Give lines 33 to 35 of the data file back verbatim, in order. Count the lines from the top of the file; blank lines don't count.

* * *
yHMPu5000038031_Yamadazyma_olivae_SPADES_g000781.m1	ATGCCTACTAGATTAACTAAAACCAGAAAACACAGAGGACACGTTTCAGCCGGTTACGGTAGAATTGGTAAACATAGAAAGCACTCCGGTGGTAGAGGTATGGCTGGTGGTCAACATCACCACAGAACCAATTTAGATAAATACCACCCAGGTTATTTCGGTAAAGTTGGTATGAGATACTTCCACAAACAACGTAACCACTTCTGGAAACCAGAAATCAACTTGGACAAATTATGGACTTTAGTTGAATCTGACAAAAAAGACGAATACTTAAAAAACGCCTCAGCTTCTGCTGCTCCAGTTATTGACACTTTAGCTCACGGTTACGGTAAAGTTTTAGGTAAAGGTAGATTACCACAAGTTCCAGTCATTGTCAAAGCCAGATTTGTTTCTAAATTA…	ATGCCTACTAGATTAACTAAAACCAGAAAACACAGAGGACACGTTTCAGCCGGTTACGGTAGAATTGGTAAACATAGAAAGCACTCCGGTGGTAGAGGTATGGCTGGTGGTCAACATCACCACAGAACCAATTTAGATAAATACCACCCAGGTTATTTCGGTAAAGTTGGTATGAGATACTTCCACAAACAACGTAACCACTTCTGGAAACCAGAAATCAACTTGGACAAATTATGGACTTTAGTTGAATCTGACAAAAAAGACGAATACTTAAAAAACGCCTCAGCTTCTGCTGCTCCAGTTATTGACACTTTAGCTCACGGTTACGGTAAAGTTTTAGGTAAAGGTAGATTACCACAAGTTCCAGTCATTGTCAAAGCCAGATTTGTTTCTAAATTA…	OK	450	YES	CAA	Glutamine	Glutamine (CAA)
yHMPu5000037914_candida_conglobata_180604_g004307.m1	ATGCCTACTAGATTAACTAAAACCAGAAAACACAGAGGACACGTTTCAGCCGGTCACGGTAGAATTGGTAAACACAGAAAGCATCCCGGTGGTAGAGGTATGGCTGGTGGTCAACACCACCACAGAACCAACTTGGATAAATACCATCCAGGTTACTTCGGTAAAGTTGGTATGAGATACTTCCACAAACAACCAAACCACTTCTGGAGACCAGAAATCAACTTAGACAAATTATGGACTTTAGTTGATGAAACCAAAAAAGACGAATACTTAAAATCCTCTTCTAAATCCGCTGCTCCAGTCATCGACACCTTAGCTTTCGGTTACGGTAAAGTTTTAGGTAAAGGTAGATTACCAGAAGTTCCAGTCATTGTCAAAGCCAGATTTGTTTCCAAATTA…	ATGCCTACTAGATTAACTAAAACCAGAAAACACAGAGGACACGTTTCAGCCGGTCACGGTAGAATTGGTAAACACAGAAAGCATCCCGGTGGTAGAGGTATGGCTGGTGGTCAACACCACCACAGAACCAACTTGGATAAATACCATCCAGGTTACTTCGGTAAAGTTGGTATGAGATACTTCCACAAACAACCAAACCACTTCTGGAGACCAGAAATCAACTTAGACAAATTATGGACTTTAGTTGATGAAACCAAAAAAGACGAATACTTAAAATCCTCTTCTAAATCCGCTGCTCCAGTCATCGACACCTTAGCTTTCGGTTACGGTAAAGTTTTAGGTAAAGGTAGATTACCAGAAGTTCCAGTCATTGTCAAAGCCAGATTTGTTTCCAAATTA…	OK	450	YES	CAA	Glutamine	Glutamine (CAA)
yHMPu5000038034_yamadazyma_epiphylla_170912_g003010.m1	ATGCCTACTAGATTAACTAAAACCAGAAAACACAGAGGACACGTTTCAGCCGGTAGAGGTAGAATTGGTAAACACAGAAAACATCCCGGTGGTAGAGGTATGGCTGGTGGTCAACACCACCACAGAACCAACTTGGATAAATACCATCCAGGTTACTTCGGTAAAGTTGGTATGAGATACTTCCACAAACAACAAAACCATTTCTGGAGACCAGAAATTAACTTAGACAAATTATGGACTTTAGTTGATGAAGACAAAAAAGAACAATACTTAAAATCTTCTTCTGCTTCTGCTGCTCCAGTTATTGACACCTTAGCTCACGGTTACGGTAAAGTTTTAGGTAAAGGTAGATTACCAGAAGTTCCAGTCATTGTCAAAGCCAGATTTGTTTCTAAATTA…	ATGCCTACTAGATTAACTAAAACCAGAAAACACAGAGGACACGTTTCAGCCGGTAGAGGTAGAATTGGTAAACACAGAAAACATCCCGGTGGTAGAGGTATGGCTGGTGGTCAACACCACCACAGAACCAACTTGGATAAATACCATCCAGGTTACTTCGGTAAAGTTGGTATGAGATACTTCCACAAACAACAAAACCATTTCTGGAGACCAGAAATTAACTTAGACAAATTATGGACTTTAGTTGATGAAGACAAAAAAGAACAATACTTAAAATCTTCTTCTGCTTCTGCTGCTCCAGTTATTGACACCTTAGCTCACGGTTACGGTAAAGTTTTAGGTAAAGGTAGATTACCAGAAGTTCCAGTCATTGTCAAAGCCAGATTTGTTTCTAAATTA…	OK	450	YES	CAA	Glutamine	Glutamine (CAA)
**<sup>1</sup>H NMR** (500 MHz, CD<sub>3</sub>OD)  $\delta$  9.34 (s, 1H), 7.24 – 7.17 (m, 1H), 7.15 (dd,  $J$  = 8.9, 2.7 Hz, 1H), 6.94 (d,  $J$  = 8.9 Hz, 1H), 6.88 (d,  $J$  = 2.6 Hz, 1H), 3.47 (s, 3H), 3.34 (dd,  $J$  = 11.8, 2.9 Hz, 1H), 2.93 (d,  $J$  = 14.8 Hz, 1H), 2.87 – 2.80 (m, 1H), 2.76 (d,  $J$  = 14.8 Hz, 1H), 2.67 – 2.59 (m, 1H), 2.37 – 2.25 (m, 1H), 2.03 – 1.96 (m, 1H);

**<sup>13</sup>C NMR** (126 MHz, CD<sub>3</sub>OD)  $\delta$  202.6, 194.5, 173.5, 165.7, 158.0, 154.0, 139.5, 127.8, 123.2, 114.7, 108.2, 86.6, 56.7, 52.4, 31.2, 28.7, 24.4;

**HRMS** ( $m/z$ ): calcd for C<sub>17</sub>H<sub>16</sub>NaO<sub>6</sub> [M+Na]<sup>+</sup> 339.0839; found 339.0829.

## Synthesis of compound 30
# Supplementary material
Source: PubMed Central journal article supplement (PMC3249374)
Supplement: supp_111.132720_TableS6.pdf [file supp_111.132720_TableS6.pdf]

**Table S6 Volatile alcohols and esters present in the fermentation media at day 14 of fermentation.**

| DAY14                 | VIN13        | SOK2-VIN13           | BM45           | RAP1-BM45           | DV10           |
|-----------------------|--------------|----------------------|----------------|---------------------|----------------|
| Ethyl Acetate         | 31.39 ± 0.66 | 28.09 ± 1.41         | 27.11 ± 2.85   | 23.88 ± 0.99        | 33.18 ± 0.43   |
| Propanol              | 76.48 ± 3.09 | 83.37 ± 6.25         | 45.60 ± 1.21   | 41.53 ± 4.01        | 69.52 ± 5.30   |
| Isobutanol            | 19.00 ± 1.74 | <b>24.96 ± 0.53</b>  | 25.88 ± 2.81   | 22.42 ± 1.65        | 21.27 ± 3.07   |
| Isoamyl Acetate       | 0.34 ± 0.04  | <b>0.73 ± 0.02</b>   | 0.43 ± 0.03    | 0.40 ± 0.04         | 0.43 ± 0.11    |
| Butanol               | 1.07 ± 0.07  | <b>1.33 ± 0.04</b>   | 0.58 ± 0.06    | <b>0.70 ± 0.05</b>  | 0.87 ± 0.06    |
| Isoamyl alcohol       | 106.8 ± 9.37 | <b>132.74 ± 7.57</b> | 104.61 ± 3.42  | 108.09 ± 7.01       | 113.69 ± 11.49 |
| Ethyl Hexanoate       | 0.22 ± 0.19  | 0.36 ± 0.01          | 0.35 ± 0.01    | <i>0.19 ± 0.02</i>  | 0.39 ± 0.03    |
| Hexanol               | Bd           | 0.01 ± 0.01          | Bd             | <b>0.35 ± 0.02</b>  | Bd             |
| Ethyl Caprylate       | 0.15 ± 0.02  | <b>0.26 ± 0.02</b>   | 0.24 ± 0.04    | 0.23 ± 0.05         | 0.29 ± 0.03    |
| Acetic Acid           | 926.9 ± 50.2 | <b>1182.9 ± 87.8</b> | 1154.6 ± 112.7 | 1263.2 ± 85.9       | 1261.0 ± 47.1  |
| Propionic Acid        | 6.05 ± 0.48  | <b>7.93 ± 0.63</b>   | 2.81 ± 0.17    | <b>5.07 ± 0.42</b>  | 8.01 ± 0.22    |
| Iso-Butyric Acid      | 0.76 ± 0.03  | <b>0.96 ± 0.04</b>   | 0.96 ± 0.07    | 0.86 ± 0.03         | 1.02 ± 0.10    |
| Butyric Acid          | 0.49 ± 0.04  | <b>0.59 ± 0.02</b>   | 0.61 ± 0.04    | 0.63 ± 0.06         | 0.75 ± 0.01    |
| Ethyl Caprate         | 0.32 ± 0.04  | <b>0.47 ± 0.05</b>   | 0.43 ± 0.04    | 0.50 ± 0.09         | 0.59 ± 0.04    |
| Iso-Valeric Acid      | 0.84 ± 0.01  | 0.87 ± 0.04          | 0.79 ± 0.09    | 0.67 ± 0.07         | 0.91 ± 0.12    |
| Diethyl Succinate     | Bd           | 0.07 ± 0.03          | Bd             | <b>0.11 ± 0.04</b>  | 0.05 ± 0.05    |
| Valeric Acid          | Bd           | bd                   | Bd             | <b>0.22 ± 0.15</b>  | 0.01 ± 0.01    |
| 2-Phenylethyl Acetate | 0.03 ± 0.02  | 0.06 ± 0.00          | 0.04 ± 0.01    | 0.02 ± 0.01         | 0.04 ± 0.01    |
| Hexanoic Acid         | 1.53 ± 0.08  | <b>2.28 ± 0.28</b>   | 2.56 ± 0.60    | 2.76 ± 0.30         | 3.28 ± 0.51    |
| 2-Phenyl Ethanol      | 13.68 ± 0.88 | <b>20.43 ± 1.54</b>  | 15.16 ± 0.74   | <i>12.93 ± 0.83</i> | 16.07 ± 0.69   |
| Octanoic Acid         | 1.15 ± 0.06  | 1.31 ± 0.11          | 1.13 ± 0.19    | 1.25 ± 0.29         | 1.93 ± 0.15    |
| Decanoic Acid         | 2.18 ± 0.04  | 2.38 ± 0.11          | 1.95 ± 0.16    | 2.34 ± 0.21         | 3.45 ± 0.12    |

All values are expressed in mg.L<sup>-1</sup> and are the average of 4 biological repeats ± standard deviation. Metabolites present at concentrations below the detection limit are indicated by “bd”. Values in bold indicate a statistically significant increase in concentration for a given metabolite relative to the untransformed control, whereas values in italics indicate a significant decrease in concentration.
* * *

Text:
| 2-Phenyl Ethanol      | 13.68 ± 0.88 | <b>20.43 ± 1.54</b>  | 15.16 ± 0.74   | <i>12.93 ± 0.83</i> | 16.07 ± 0.69   |
| Octanoic Acid         | 1.15 ± 0.06  | 1.31 ± 0.11          | 1.13 ± 0.19    | 1.25 ± 0.29         | 1.93 ± 0.15    |
| Decanoic Acid         | 2.18 ± 0.04  | 2.38 ± 0.11          | 1.95 ± 0.16    | 2.34 ± 0.21         | 3.45 ± 0.12    |